he raised his sword, and, amid bursts of laughter and of applause, he
resolutely shouted, "Long live Soulouque!"

The reading of the Decree added a gloomy warmth to the popular anger.
They set to work on all sides to tear down the placards of the _coup
d'état_. At the door of the Café des Variétés a young man cried out to
the officers, "You are drunk!" Some workmen on the Boulevard
Bonne-Nouvelle shook their fists at the soldiers and said, "Fire, then,
you cowards, on unarmed men! If we had guns you would throw the butts of
your muskets in the air." Charges of cavalry began to be made in front
of the Café Cardinal.

As there were no troops on the Boulevard St. Martin and the Boulevard du
Temple, the crowd was more compact pact there than elsewhere. All the
shops were shut there; the street lamps alone gave any light. Against
the gloss of the unlighted windows heads might be dimly seen peering
out. Darkness produced silence; this multitude, as we have already said,
was hushed. There was only heard a confused whispering. Suddenly a
light, a noise, an uproar burst forth from the entrance of the Rue St.
Martin. Every eye was turned in that direction; a profound upheaving
agitated the crowd; they rushed forward, they pressed against the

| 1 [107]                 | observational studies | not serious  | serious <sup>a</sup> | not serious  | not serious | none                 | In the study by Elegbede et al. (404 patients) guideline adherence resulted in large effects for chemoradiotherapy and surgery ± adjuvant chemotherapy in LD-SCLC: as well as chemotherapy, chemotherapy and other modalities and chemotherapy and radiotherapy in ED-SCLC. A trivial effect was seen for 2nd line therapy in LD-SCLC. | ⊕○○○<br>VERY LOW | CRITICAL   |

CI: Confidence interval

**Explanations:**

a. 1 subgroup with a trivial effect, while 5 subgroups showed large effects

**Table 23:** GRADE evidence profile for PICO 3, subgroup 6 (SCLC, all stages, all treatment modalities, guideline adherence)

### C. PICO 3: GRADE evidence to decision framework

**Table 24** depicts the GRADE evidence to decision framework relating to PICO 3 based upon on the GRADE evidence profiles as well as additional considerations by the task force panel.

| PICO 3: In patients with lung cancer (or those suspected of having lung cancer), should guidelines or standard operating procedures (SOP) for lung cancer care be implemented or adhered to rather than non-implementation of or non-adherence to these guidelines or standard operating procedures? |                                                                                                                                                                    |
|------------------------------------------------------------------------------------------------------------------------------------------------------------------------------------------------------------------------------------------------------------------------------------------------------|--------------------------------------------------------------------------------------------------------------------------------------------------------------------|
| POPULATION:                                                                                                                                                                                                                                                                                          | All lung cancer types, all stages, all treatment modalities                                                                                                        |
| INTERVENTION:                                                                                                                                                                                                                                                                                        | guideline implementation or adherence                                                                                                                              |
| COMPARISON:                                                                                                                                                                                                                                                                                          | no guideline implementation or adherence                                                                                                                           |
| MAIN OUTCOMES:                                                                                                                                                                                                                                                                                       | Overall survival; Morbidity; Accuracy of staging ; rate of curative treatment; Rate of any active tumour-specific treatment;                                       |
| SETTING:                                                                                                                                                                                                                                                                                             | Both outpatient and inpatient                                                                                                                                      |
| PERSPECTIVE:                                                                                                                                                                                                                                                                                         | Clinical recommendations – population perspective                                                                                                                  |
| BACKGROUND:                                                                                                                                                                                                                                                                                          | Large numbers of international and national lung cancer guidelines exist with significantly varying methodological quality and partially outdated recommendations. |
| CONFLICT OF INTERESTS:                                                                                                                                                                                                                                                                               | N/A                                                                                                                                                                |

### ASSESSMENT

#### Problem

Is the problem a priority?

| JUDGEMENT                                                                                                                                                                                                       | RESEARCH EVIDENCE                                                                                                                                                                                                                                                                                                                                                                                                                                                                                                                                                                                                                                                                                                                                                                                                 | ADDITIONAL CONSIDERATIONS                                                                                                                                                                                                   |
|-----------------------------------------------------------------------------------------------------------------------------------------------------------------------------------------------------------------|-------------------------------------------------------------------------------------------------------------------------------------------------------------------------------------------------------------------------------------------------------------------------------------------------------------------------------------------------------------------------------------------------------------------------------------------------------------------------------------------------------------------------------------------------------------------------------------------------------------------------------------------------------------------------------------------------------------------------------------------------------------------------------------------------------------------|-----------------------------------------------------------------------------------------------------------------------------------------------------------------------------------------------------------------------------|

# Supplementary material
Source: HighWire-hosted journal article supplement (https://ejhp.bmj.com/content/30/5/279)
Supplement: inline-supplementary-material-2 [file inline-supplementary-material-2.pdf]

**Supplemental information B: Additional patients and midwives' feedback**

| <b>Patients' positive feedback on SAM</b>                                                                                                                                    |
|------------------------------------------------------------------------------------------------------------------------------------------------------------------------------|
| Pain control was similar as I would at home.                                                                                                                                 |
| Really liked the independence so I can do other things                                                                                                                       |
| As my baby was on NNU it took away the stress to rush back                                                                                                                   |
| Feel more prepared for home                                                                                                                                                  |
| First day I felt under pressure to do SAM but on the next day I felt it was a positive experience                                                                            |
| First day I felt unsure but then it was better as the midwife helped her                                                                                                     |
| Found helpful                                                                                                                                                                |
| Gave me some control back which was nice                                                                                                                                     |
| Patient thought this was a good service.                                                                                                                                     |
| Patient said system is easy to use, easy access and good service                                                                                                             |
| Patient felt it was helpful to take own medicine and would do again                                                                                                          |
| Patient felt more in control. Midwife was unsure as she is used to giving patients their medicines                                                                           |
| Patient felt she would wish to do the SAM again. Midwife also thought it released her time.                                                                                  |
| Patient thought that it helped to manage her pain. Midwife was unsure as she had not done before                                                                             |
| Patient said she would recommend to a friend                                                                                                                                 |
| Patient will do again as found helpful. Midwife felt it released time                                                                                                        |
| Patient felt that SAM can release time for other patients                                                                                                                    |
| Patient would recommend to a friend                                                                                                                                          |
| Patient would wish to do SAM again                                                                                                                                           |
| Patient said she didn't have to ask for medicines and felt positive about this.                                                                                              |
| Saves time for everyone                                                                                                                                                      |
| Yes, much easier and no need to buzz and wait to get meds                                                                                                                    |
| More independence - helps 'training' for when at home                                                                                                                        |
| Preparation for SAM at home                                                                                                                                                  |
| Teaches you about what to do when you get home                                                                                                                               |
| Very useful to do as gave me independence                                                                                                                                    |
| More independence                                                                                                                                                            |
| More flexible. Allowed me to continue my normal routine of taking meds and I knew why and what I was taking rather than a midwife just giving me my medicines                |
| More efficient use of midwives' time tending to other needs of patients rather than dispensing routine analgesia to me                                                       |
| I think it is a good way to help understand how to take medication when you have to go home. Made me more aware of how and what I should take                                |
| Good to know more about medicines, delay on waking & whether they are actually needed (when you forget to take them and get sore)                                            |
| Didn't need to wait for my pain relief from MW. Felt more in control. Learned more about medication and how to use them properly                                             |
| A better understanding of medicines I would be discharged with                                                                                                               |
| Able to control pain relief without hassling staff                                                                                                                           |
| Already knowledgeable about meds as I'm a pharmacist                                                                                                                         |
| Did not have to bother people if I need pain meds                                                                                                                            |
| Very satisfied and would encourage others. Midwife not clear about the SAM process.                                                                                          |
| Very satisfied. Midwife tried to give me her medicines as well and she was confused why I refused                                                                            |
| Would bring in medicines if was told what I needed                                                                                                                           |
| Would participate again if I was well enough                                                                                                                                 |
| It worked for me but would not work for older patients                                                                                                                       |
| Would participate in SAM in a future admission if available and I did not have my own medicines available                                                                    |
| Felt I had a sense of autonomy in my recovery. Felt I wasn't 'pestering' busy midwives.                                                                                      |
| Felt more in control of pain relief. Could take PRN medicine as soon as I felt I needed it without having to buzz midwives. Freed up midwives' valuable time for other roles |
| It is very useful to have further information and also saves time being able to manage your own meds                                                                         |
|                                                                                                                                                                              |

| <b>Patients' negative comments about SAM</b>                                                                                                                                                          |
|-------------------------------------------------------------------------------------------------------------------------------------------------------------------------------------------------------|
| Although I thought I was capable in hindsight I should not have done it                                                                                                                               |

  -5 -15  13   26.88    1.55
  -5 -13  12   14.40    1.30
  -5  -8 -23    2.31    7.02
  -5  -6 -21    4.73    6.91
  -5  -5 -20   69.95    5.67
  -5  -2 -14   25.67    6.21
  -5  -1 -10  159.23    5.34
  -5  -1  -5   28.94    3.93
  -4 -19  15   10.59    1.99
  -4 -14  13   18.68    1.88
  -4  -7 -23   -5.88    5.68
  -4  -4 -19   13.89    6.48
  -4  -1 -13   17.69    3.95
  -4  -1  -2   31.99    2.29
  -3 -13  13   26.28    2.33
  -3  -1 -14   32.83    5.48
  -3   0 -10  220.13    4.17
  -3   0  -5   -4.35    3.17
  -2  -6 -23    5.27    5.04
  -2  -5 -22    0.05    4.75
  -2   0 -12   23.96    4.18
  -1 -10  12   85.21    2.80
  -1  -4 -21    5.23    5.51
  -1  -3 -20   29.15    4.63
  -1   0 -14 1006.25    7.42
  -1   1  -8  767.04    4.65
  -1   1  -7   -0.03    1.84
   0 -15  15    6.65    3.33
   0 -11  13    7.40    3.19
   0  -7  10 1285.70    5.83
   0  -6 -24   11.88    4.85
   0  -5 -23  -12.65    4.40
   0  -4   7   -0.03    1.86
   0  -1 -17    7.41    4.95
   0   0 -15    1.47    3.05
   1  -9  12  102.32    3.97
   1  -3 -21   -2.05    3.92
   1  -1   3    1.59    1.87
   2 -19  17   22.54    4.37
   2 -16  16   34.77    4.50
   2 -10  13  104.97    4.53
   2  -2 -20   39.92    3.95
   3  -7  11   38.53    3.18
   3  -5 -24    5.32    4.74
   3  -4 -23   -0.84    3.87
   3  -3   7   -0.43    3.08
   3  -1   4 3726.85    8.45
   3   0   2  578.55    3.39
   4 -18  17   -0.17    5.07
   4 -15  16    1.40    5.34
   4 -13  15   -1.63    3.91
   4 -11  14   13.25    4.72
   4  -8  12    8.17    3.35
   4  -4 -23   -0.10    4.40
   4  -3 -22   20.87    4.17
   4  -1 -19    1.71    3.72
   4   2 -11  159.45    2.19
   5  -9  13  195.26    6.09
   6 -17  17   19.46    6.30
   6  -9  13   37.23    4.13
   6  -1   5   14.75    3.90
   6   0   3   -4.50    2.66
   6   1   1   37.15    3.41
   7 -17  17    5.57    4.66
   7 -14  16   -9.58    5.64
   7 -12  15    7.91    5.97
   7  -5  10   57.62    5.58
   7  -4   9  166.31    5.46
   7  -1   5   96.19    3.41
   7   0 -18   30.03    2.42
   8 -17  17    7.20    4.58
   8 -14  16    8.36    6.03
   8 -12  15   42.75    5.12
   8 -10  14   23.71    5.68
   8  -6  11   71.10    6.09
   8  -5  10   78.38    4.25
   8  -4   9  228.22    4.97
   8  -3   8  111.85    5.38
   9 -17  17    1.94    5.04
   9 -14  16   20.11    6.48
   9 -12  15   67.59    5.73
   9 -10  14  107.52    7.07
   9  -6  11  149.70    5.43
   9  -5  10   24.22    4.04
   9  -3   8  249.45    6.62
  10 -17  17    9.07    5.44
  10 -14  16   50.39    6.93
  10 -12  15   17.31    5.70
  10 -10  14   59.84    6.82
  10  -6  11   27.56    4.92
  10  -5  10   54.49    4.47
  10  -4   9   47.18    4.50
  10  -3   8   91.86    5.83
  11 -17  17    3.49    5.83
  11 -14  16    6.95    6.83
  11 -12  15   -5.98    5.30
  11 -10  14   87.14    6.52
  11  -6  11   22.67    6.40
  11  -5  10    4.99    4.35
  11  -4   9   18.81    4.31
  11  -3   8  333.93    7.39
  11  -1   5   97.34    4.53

railings of the high pavements which border the cutting between the
theatres of the Porte St. Martin and the Ambigu. A moving mass was seen,
and an approaching light. Voices were singing. This formidable chorus
was recognized,

"Aux armes, Citoyens; formez vos bataillons!"

Lighted torches were coming, it was the "Marseillaise," that other torch
of Revolution and of warfare which was blazing.

The crowd made way for the mob which carried the torches, and which were
singing. The mob reached the St. Martin cutting, and entered it. It was
then seen what this mournful procession meant. The mob was composed of
two distinct groups. The first carried on its shoulders a plank, on which
could be seen stretched an old man with a white beard, stark, the mouth
open, the eyes fixed, and with a hole in his forehead. The swinging
movement of the bearers shook the corpse, and the dead head rose and fell
in a threatening and pathetic manner. One of the men who carried him,
pale, and wounded in the breast, placed his hand to his wound, leant
against the feet of the old man, and at times himself appeared ready to
fall. The other group bore a second litter, on which a young man was
stretched, his countenance pale and his eyes closed, his shirt stained,
open over his breast, displaying his wounds. While bearing the two
litters the groups sang. They sang the "Marseillaise," and at each chorus
they stopped and raised their torches, crying, "To arms!" Some young men